The results for the Internalizing factor are presented in Table 6. Similar to the first two factors, the majority of the variance in the factor is attributable to variation at the individual level. The association of parental divorce before the age of 16 and the factor in Model 2 suggests that the difference between offspring in intact and divorced families is statistically significant (.29). Model 3 suggests little difference amid the between- (.27) and within-twin-family (.31) effects. The within-twin-family estimate for MZ twin families in Model 4 (.27) was sizable. The within-family estimate for DZ families (.35 = .27 + .08) is slightly larger than the MZ estimate, although no statistically significant difference was found. The results for Model 5 suggest that parental psychopathology slightly reduced the association with early divorce (within-MZ twin family estimate = .20).
Figure 4 provides a graphical representation of the effect sizes obtained from the HLMs for each offspring measure of psychopathology.6 The graph illustrates how the association between parental divorce and each factor remained robust, although somewhat reduced in some cases, when different methodological and statistical controls were used to account for possible confounds. The bars show that the small to medium effect size associated with parental divorce remained after we controlled for shared environmental and genetic confounds associated with the twin parent, as well as measured characteristics of both parents.
A comparison of the offspring of discordant twins and a series of HLMs suggested that environmental influences specifically associated with divorce, especially before the age of 16, account for most of the relation between parental divorce and offspring psychopathology. The results of the modeling indicated that parental divorce was associated with young-adult offspring psychopathology, even when we controlled for genetic and common environmental factors related to the twin parent, in addition to measures of psychopathology, substance use, and demographic characteristics of both parents. Although genetic factors influence marital instability, little evidence was found for genetic confounds (passive rGE). Shared environmental confounds were also negligible, indicating a limited role of environmental factors that make twins similar. Therefore, the findings are consistent with longitudinal research indicating that predivorce behavior problems and other selection factors do not account for psychological problems among young-adult offspring of divorced parents (A. J. Cherlin et al., 1998). The extent to which selection versus causation contributes to the well-being of offspring during childhood could not be addressed in the current study, although some research suggests that selection effects may be stronger during childhood than during adult life (J. C. Cherlin et al., 1991; Emery, 1999).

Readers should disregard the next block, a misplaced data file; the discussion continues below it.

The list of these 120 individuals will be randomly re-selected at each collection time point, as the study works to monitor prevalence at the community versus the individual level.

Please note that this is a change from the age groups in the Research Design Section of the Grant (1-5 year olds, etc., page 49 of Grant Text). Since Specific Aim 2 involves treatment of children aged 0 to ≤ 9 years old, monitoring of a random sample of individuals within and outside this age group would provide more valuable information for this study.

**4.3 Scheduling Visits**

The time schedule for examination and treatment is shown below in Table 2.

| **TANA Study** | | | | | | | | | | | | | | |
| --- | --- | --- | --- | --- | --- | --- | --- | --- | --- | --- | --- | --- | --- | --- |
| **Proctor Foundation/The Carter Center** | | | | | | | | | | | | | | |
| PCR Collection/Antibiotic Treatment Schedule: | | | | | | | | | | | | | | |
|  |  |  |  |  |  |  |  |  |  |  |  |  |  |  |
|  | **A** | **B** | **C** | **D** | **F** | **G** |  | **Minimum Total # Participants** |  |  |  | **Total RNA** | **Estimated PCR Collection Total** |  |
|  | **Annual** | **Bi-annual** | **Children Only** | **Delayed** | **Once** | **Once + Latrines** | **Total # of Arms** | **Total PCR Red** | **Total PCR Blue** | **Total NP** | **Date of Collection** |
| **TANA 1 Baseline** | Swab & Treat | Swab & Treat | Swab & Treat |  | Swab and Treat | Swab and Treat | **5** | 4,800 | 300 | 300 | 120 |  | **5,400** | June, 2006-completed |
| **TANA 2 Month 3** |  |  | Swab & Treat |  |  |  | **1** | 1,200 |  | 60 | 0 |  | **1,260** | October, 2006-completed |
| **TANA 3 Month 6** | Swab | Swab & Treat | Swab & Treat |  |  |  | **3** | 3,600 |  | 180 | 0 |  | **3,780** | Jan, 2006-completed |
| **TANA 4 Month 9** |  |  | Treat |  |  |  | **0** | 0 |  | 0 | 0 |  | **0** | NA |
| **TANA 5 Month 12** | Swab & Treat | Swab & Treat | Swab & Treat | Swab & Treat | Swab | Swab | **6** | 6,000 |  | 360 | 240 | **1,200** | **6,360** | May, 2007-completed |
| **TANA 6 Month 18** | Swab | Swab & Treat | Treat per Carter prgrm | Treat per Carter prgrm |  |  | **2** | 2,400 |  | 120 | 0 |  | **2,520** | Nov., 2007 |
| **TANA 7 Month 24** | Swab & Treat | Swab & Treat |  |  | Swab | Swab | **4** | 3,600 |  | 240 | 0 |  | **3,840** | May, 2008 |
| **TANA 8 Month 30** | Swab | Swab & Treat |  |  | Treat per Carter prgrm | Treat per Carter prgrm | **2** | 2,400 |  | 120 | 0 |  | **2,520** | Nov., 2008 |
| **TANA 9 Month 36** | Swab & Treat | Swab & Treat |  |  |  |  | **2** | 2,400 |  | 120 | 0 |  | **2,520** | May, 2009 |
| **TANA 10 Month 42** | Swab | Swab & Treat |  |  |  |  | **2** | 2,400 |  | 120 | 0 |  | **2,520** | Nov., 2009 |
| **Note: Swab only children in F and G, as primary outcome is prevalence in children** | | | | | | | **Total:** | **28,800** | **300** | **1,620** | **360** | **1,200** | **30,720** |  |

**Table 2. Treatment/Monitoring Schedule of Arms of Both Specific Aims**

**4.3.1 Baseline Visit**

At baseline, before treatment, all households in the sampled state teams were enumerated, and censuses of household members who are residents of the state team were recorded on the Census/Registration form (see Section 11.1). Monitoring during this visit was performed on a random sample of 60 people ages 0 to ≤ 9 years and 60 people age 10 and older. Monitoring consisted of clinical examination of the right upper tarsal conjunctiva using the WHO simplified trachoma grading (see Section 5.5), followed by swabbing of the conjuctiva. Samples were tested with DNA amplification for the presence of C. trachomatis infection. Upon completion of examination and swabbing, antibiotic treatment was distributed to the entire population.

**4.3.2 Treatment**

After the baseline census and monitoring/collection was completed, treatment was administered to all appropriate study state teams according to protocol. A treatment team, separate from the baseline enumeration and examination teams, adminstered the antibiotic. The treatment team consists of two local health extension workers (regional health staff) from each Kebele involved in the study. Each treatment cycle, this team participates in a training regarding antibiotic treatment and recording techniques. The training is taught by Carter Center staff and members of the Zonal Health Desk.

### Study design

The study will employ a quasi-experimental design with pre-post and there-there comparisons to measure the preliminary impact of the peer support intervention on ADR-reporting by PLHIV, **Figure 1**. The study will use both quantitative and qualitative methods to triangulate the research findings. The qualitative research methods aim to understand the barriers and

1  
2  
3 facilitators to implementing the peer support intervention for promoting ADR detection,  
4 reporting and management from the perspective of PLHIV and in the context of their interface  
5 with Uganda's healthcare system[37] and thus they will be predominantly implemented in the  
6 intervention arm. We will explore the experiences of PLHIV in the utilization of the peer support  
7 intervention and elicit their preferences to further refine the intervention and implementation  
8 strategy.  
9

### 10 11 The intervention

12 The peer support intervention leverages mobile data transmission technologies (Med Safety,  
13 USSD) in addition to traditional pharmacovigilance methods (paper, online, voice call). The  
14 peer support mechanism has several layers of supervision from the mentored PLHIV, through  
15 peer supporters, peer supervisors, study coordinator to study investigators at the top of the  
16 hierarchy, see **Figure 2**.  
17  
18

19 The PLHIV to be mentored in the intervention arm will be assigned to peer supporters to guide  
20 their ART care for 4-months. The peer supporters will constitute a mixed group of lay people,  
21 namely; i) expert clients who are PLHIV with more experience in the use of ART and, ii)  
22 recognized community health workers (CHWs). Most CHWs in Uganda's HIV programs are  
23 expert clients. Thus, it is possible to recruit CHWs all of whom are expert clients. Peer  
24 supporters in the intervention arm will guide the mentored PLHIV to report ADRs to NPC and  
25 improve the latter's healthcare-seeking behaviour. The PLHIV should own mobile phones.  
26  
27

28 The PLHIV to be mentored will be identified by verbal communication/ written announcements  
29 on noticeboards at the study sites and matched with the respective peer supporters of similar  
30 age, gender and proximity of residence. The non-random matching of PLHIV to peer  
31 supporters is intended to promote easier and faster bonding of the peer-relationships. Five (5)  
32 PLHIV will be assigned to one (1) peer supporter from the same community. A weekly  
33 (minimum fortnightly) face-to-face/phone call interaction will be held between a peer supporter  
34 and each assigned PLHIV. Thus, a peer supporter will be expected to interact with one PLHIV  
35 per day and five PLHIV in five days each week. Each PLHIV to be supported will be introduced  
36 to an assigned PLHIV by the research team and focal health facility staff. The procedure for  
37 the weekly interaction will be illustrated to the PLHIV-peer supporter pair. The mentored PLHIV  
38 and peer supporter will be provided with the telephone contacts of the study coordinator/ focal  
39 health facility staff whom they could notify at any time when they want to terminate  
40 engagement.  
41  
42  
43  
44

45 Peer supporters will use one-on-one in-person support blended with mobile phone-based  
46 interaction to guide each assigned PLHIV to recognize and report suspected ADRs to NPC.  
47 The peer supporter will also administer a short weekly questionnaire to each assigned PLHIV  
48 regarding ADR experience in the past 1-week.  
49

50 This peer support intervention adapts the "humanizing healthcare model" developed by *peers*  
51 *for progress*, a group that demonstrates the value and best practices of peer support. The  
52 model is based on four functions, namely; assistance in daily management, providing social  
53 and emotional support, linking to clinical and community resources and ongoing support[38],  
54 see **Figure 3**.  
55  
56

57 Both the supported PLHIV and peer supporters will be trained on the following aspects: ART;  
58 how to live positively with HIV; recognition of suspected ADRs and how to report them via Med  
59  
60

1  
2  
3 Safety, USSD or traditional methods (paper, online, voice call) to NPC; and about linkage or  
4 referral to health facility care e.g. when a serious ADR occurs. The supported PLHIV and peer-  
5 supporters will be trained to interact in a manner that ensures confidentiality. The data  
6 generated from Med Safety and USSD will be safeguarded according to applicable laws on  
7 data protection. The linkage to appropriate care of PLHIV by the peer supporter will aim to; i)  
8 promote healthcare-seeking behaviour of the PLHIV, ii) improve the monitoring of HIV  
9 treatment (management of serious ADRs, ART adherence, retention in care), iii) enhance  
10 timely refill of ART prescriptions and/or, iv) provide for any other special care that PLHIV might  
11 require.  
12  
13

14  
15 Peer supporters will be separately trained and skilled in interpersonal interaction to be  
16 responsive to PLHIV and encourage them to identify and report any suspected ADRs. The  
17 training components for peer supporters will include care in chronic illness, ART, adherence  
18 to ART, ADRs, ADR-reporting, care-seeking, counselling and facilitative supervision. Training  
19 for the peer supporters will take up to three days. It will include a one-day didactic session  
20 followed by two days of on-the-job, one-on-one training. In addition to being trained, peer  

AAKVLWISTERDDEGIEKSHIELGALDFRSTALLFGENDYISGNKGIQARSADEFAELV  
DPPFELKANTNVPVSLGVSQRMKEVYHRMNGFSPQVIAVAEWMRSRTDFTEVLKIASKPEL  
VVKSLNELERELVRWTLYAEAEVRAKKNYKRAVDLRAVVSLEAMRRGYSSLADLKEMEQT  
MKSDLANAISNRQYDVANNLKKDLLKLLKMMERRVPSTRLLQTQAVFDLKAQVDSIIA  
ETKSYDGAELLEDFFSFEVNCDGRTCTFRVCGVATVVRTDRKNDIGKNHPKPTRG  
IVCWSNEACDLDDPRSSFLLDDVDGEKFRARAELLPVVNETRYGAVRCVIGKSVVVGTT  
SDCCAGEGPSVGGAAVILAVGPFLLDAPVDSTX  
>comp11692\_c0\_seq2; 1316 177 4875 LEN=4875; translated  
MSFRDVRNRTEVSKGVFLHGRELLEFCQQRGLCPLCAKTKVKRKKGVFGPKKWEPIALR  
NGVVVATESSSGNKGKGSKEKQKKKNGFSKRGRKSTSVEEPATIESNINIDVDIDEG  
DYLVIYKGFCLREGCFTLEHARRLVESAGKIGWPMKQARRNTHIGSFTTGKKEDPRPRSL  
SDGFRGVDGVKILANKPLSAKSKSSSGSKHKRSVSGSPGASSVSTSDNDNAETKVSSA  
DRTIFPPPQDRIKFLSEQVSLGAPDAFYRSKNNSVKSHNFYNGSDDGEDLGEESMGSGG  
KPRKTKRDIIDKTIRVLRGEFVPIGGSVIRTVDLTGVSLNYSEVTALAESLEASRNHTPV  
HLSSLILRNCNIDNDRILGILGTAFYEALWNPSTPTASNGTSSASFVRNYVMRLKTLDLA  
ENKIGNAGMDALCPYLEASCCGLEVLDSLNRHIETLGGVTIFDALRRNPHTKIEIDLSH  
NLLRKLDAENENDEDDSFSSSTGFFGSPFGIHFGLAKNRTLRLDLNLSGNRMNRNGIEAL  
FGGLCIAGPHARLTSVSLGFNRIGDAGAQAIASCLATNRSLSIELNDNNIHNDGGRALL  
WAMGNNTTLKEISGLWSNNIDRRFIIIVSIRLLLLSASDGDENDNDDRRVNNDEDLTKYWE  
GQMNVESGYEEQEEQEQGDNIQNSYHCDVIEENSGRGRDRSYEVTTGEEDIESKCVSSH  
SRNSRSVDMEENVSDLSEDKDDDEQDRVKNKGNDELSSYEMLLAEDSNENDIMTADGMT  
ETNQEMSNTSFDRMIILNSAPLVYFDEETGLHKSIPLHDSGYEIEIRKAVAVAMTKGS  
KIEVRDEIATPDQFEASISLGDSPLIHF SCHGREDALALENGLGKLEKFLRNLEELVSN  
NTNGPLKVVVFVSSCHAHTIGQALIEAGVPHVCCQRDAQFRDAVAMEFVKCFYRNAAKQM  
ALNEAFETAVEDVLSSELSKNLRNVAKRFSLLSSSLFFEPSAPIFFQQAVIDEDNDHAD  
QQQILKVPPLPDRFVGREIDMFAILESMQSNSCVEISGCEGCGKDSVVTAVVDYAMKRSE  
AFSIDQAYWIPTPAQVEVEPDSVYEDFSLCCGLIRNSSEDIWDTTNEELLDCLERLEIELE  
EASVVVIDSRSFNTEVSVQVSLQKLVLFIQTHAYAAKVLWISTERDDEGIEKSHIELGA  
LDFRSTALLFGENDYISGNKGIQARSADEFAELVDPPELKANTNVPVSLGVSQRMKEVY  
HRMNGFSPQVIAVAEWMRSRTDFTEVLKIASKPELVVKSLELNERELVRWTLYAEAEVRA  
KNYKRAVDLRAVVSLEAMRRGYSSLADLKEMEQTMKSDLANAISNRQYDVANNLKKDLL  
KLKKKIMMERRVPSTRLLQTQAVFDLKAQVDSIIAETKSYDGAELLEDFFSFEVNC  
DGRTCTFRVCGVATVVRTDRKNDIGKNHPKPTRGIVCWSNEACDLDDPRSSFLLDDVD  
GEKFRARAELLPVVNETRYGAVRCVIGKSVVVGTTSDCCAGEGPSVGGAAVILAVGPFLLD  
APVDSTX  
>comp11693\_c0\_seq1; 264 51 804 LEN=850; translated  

The magnitude of the association between parental marital instability and abnormal behavior in the offspring, in addition to the limited role of selection factors, suggest that intervention efforts should be targeted at reducing the prevalence of divorce or separation in families with children or should focus on risk factors that typically follow a divorce. These include deleterious parenting practices, conflict between parents after the divorce, loss of contact and inadequate parenting by noncustodial fathers, economic pressures, increased stressful life events, and reduced social capital available to children after a divorce or separation (reviews in Amato, 2000; Emery, 1999; Hetherington et al., 1998; Simons, 1996). Prevention services aimed at reducing these risks have been found to result in fewer symptoms and diagnoses of psychological disorders, externalizing behaviors, and drug and alcohol use (e.g., Wolchik et al., 2002).
The use of a semistructured interview for the offspring allowed us to investigate whether parental divorce was associated with DSM–IV criteria for psychological and substance use disorders. The results from the exploratory factor analysis are also consistent with previous research. An exploratory factor analyses of DSM–IV items and measures of drug use, alcohol use, tobacco use, and suicidality yielded three factors, Drug and Alcohol Use, Behavioral Problems, and Internalizing, a finding similar to other factor analyses of adult psychopathology (e.g., Krueger, 1999). Furthermore, the factors exhibited high reliability when offspring were reinterviewed approximately 1 year later.
The concordance rates and heritability of divorce in the sample of Australian twins were lower than in studies from the Minnesota Twin Registry (Jockin et al., 1996; McGue & Lykken, 1992). However, the proportion of variation in marital instability due to additive genetic factors was similar to smaller heritability estimates from the Vietnam Twin Registry (Trumbetta & Gottesman, 1997), the Finnish Twin Registry (Koskenvuo, Langinvainio, Kaprio, Rantasalo, & Sarna, 1979), and a small sample from Australia (Heller et al., 1988). In fact, an analysis of divorce in a population-based sample from Virginia (Corey, 2000) reported no genetic variation in divorce. Therefore, the heritability estimate from the Australian twin sample appears to be consistent with the overall literature, although future research is needed to explore the differences among the discrepant estimates. Cross-cultural differences in the acceptability of divorce, variation in laws governing marital separations, or cohort effects may account for some differences among the heritability estimates. The general conclusion of the twin research on marital instability to date is that environmental influences that make twins dissimilar account for most of the variation. Future twin studies that focus on divorce will need to explore the nature of these environmental influences and will greatly benefit by including assessments of the twins’ spouses, an important part of the twins’ nonshared environment that may influence divorce.